Ticket prices in the premier league are going up again. It is now a common trend year in and year out, and there is seemingly no end in sight. Today I will try to look at some of the realities of ticket prices, and look at some trends that affect the change.
First of all, let’s look at how much ticket prices went up by (source: Sportingintelligence.com):
According to their calculations, the average Premier League club increased their ticket prices by 6.5% for their lowest priced season ticket, and 7% for their most expensive season ticket. Note that this figure is the full purchase price, and does not include any special offers or discounts. The most expensive season ticket refers to the most expensive ticket for a seat in the stands, and does not include club seats or luxury boxes.
Inevitably, these numbers have caused quite a stir. This picture has been passed around quite a bit on the internet, and was even picked up by mainstream news sources such as The Independent. There has been quite a bit of outrage over this huge increase in ticket prices, and there is a sentiment that fans are being priced out of the game. In fact, there is even an annual protest outside the Football League and Premier League offices over increasing ticket prices. However, I find that this outrage is often quite misguided, the numbers aren’t nearly as bad as they look.
First of all, if you look at the numbers, three clubs stood out the most; Burnley, QPR, and Hull. These three clubs increased their lowest season ticket prices by 47%, 14%, and 25% respectively, and their highest season ticket prices by 37%, 38%, and 27%. Of these three clubs, two of them are newly promoted, one defied the preseason predictions last season and survived one season in the top flight.
We all understand that the higher divisions charge more for tickets than lower divisions. Premier League teams charge more than Championship teams, and this is mostly an accepted business practice. After all, the on field product in the Premier League is of a significantly higher quality than the Championship. The methodology used by Sporting Intelligence was quite poor – they directly compared Premier League ticket prices with Championship ticket prices. I personally do not believe that the two are comparable, and once you factor for this, the numbers change quite a bit.
Of the four clubs that increased their ticket prices the most, two are them are newly promoted. Their ticket prices have increased by a large margin, because well, they are playing in the Premier League now. Demand for tickets would inevitably shoot up, and these teams are simply trying to take advantage of this newfound demand for tickets and the resulting increased profit. Promotion accounts for Burnley’s 47% price increase and QPR’s 14% increase.
Some teams don’t increase ticket prices on the first season after promotion. These clubs usually increase ticket prices after a season or two, after their position has stabilized. This explains the large increase in ticket prices from Hull. Crystal Palace however, did increase their prices twice following their promotion, 19.4% last season, and 12% this season for a compounded 33.7% price increase relative to their championship prices.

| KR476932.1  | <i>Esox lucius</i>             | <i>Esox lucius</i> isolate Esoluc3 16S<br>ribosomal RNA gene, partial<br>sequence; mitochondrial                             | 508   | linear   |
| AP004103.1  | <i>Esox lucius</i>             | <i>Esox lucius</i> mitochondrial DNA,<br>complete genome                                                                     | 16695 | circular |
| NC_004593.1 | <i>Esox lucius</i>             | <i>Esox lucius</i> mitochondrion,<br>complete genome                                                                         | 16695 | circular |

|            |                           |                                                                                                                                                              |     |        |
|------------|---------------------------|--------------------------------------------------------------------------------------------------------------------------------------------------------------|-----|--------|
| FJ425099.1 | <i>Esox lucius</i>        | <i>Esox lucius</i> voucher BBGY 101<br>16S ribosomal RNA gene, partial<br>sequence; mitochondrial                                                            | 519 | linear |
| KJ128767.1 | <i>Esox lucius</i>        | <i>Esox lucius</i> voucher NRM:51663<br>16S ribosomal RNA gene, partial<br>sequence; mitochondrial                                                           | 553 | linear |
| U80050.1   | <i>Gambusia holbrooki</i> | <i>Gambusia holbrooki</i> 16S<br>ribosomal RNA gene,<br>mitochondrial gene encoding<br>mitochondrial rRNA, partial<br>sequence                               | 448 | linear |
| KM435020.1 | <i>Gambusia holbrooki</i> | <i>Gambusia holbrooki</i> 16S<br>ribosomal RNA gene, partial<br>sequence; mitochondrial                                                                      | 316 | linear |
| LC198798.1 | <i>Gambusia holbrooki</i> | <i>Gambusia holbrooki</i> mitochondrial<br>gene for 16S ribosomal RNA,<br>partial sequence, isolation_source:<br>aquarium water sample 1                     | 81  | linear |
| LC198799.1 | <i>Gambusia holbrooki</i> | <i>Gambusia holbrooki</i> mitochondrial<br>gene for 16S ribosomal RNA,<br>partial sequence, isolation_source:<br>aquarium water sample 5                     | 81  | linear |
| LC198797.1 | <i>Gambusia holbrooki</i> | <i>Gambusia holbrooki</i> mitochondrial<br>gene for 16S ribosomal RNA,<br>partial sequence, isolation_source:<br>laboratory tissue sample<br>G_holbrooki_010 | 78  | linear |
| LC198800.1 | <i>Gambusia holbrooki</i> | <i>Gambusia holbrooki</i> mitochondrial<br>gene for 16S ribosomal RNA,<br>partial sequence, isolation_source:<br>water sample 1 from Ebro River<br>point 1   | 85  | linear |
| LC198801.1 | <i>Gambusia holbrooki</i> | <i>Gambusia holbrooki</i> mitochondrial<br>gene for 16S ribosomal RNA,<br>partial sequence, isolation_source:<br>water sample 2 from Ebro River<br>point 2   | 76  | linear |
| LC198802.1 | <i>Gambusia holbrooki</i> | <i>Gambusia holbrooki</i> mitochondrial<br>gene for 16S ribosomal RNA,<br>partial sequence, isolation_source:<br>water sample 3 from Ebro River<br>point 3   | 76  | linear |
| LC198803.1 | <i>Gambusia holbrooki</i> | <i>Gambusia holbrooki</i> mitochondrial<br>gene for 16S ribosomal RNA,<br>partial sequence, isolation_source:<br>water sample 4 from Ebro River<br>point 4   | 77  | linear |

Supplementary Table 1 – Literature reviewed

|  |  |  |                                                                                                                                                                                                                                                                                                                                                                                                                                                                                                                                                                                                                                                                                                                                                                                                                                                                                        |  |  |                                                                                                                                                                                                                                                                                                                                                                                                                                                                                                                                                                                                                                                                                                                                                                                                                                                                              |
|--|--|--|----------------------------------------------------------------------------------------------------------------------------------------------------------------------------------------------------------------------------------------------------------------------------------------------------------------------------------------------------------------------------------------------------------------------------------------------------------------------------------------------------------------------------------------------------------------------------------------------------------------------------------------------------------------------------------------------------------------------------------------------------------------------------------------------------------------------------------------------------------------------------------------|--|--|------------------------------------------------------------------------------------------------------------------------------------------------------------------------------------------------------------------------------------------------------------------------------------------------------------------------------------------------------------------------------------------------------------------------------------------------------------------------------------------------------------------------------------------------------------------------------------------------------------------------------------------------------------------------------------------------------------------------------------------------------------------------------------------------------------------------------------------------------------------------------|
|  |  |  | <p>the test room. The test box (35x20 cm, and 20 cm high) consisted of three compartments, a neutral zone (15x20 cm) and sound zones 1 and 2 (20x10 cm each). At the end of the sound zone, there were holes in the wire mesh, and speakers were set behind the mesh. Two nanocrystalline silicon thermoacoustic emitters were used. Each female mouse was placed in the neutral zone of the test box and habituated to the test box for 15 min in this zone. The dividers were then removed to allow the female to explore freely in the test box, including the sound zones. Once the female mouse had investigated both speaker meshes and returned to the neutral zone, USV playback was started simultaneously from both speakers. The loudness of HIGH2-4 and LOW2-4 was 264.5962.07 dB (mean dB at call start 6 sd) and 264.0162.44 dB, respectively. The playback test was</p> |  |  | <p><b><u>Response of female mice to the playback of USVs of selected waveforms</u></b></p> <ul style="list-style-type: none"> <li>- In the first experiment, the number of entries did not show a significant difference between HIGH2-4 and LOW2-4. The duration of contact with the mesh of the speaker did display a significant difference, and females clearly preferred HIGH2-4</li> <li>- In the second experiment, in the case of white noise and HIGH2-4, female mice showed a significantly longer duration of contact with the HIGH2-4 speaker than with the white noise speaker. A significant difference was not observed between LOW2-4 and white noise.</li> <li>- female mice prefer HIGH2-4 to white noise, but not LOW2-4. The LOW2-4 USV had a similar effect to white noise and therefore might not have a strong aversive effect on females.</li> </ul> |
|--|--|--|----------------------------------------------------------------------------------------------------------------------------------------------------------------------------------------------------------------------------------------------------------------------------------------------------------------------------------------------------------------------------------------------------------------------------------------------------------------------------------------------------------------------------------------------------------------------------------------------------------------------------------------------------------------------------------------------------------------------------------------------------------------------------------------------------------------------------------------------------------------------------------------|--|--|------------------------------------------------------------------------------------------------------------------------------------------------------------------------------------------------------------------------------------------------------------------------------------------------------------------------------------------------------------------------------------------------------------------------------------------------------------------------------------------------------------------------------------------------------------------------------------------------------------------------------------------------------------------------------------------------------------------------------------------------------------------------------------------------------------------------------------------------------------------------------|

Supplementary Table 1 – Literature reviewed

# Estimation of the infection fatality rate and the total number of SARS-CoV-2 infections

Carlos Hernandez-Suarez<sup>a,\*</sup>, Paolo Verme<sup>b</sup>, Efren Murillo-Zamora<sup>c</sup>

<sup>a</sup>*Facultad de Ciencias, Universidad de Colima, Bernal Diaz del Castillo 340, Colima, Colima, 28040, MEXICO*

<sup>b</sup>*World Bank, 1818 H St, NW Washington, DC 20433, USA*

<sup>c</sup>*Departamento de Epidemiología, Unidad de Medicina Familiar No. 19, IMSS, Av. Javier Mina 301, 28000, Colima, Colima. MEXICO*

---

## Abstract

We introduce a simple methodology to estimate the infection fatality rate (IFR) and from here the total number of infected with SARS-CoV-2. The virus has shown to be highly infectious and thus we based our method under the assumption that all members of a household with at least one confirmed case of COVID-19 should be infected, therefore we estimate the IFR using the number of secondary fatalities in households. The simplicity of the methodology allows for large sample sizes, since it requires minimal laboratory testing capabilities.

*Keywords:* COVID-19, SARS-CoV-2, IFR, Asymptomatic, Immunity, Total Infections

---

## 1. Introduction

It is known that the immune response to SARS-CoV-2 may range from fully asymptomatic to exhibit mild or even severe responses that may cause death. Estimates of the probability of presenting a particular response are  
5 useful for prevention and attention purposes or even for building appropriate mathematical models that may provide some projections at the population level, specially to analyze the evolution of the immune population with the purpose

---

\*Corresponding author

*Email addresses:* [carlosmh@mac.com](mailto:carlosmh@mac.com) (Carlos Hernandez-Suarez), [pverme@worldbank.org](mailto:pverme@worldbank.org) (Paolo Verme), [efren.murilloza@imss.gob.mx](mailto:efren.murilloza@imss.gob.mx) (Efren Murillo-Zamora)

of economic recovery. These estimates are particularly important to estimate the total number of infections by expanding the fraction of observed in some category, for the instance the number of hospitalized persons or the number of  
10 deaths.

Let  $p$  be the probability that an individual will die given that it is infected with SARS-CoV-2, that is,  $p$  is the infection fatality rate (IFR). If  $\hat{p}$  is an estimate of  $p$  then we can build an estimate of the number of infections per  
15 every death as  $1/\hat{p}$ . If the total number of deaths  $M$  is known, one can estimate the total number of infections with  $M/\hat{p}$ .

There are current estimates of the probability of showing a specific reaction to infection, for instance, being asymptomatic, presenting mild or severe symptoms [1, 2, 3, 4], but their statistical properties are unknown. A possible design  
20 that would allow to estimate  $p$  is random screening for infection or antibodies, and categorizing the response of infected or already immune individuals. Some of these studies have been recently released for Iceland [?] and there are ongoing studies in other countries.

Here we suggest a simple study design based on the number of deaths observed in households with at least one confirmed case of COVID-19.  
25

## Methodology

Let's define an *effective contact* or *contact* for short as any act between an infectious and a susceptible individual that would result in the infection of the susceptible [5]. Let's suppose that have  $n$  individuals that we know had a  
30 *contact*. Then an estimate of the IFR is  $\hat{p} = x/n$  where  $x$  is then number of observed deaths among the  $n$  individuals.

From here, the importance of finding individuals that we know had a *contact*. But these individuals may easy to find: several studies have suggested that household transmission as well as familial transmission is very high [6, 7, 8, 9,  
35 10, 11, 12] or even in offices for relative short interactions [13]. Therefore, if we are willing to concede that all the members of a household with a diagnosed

If we were to repeat this survey using the same methodology with the lower leagues, the ticket prices on average do not increase. After all, the large ticket price increases we see from promoted teams are usually offset by the large price drops by relegated teams.
Now, if we were to ignore the changes in ticket prices from teams promoted this season (Leicester, Burnley and QPR) and those promoted last season who are still in the Premier League (Hull and Crystal Palace), and only consider the ticket prices for the other 15 clubs, the picture changes quite a bit.
Only 7 clubs changed the price of their lowest priced season ticket. 6 of them increased, 1 decreased. Considered separately, the 15 clubs saw the price of their lowest priced season ticket increase by 1.93%. As for the highest priced season ticket, the price increased for 7 clubs, and one club reduced the price of their highest priced season ticket. Collectively, the price increased an average of 1.73%.
From June 2013 to June 2014, the UK had a yearly inflation rate of 1.9%. Taking inflation into account, Premier League clubs didn’t really increase their ticket prices at all. The prices increased in line with what we should expect due to inflation, and the outrage over increasing ticket prices in the Premier League is really unfounded. The outrage is based on poor research methodology. After all, the ticket prices didn’t even increase this year once promotion and inflation has been accounted for.
Ticket prices have remained stable in the Premier League for a few seasons now. In my opinion, the increase in lower league ticket prices is a much bigger problem for English Football. Ticket prices in the Conference are rapidly approaching those in the Premier League! The rapidly rising costs of attending lower league games makes the ticket prices in the Premier League look reasonable, and this would probably harm the lower leagues over the long term.